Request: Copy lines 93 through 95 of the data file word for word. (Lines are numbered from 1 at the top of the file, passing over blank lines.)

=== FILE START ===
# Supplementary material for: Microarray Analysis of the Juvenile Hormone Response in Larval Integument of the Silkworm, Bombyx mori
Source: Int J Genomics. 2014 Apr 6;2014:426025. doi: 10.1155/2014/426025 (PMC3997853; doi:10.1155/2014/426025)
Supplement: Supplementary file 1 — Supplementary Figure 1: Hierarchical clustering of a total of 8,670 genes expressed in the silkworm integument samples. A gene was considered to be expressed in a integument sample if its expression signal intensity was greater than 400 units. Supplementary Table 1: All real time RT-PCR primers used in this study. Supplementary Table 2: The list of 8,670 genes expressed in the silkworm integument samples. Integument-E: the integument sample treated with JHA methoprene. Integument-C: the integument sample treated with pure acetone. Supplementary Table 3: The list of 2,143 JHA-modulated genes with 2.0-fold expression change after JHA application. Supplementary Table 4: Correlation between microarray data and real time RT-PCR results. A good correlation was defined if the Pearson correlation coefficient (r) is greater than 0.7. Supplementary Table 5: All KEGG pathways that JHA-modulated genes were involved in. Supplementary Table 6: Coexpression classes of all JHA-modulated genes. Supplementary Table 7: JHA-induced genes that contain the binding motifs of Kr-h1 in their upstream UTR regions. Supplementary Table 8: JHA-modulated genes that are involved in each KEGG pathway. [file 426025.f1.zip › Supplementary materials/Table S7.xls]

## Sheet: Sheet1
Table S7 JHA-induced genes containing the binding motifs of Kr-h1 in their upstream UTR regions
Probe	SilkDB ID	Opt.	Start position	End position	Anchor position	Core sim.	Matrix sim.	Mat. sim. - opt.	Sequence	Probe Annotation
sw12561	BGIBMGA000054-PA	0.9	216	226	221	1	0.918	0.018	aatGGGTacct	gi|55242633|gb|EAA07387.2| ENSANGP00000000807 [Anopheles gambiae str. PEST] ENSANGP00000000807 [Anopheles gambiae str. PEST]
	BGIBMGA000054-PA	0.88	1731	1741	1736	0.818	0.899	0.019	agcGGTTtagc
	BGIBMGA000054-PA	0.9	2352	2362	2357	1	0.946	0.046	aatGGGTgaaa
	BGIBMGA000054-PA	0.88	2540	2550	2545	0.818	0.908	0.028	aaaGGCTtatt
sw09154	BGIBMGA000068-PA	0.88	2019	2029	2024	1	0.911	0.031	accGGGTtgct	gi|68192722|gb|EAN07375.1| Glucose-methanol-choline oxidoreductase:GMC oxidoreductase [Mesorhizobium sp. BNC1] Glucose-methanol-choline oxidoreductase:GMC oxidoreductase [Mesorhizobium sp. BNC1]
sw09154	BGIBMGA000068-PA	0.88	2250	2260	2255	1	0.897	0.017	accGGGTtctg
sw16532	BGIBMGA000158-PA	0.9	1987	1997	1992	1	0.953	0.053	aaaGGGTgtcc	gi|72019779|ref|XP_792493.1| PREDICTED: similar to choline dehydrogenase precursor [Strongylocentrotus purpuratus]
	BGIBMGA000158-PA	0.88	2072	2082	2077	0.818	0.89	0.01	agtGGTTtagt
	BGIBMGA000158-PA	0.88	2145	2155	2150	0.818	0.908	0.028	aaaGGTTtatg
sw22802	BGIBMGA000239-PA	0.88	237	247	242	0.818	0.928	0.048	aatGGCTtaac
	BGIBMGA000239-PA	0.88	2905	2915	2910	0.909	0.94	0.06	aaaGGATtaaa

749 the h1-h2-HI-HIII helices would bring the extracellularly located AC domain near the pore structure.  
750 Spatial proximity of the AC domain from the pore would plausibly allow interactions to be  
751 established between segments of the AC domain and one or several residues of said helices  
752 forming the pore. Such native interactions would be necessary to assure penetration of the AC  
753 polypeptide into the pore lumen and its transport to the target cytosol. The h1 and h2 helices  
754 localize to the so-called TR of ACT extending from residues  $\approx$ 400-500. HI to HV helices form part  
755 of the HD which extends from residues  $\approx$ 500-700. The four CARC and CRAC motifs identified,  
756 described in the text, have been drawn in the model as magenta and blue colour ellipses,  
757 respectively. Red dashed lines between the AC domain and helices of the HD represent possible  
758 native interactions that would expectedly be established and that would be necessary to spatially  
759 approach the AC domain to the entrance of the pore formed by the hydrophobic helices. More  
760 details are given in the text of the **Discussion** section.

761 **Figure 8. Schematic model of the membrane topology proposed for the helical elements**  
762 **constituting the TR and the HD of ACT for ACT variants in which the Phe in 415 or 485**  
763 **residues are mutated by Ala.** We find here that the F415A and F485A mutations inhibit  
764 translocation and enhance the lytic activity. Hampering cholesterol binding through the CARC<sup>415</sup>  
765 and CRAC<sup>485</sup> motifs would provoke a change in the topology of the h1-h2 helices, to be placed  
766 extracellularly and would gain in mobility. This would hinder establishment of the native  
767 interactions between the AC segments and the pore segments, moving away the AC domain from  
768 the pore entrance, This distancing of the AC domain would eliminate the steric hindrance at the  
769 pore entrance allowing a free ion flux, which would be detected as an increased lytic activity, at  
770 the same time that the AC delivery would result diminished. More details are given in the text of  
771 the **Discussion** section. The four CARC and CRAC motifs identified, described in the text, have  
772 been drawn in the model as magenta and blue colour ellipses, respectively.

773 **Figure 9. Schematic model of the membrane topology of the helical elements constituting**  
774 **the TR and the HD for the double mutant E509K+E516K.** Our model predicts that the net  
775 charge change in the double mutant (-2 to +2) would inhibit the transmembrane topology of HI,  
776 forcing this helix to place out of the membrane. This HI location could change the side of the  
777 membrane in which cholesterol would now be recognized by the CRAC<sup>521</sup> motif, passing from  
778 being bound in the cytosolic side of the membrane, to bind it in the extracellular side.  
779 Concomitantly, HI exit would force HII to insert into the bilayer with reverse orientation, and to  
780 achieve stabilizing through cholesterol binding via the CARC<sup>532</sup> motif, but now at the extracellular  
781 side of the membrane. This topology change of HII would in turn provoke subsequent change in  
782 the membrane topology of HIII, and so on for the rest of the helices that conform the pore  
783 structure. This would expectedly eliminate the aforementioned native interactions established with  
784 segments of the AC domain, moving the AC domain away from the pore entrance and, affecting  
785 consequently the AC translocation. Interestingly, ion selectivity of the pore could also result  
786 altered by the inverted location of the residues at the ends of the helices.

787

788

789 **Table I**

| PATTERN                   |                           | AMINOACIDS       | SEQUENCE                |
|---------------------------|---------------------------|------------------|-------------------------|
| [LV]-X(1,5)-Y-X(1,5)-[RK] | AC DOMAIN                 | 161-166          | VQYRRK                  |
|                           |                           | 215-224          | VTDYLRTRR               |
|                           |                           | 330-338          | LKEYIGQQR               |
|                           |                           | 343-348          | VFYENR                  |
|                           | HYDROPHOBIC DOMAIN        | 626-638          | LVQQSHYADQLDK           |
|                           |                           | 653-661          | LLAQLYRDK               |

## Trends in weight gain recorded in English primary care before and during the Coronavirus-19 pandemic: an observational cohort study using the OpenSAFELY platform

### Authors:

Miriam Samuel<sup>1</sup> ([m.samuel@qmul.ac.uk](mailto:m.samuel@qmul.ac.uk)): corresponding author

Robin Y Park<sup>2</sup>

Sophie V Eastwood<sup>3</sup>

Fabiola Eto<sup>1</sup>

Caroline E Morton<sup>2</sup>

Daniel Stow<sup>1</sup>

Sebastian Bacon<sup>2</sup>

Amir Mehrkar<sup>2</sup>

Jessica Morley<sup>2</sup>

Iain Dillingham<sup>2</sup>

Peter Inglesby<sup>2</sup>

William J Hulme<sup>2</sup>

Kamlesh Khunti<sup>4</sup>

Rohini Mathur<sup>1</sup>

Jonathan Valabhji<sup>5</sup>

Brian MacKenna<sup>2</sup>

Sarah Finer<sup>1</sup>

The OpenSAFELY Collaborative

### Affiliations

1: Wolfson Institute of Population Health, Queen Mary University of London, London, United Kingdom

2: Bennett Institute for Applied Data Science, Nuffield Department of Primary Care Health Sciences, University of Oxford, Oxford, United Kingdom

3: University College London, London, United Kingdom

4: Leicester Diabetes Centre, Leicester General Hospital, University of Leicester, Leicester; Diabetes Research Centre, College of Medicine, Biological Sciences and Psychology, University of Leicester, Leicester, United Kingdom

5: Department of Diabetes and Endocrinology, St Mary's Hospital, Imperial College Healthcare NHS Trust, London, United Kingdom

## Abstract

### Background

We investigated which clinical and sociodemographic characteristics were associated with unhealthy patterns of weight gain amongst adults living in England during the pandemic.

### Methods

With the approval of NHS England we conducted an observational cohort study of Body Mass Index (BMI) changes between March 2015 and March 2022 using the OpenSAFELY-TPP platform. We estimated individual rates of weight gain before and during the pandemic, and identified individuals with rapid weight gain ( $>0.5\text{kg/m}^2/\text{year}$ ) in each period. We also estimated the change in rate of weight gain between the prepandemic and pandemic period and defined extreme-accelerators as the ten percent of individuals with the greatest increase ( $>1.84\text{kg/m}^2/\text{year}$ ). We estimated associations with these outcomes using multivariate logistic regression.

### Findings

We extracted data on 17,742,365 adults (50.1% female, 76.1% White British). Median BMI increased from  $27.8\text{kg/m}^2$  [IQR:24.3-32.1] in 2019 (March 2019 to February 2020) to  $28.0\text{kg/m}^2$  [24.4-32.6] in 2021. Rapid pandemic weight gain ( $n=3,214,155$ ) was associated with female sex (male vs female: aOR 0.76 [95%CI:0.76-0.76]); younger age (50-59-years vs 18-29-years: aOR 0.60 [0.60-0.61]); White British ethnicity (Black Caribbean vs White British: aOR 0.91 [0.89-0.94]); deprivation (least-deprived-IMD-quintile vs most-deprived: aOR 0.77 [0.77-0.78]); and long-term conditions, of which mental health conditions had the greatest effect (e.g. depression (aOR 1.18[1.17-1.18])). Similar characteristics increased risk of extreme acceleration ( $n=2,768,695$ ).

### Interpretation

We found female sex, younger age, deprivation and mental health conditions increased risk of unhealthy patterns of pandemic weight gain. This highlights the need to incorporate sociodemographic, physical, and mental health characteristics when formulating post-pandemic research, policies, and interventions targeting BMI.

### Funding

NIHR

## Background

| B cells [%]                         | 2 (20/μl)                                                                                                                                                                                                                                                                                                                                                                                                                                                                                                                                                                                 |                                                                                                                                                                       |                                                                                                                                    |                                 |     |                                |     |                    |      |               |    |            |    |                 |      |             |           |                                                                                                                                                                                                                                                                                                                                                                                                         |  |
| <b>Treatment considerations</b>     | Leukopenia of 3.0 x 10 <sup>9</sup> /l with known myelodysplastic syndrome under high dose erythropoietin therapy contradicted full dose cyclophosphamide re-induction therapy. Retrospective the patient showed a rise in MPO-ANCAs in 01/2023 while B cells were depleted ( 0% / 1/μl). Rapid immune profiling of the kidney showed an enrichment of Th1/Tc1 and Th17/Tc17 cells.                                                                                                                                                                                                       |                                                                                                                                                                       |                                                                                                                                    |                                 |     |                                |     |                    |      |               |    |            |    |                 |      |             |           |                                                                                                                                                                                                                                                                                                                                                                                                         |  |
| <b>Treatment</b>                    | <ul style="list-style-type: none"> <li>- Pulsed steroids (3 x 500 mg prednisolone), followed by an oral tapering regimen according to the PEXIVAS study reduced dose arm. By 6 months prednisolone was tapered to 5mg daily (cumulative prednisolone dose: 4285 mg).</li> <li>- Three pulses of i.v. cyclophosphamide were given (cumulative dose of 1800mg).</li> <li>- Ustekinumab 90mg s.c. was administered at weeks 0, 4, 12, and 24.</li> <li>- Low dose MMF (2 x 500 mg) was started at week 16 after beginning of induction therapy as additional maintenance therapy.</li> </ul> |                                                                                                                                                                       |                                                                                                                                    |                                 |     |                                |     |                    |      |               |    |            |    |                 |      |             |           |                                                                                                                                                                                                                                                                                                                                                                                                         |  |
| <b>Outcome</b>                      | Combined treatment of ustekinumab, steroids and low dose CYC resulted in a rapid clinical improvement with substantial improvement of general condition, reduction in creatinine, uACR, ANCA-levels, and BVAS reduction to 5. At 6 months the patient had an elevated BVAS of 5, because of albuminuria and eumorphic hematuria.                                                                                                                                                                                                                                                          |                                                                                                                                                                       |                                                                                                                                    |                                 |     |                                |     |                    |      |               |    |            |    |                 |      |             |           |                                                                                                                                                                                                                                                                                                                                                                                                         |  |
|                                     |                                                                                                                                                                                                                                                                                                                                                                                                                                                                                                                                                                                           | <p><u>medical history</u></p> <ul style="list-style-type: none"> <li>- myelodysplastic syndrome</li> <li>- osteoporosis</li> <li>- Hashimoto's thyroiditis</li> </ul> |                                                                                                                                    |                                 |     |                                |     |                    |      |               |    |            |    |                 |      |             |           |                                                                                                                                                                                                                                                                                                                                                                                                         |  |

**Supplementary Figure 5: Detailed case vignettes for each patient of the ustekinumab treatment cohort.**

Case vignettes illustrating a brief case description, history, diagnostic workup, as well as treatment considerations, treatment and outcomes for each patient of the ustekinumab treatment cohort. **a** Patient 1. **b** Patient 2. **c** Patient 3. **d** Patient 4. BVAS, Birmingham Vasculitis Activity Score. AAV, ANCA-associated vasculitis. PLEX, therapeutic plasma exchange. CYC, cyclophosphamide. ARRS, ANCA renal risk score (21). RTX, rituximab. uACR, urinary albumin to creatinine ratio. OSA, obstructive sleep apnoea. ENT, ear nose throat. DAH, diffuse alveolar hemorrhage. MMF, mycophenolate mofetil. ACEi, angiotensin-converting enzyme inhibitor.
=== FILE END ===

## Abstract

### Background

We investigated which clinical and sociodemographic characteristics were associated with unhealthy patterns of weight gain amongst adults living in England during the pandemic.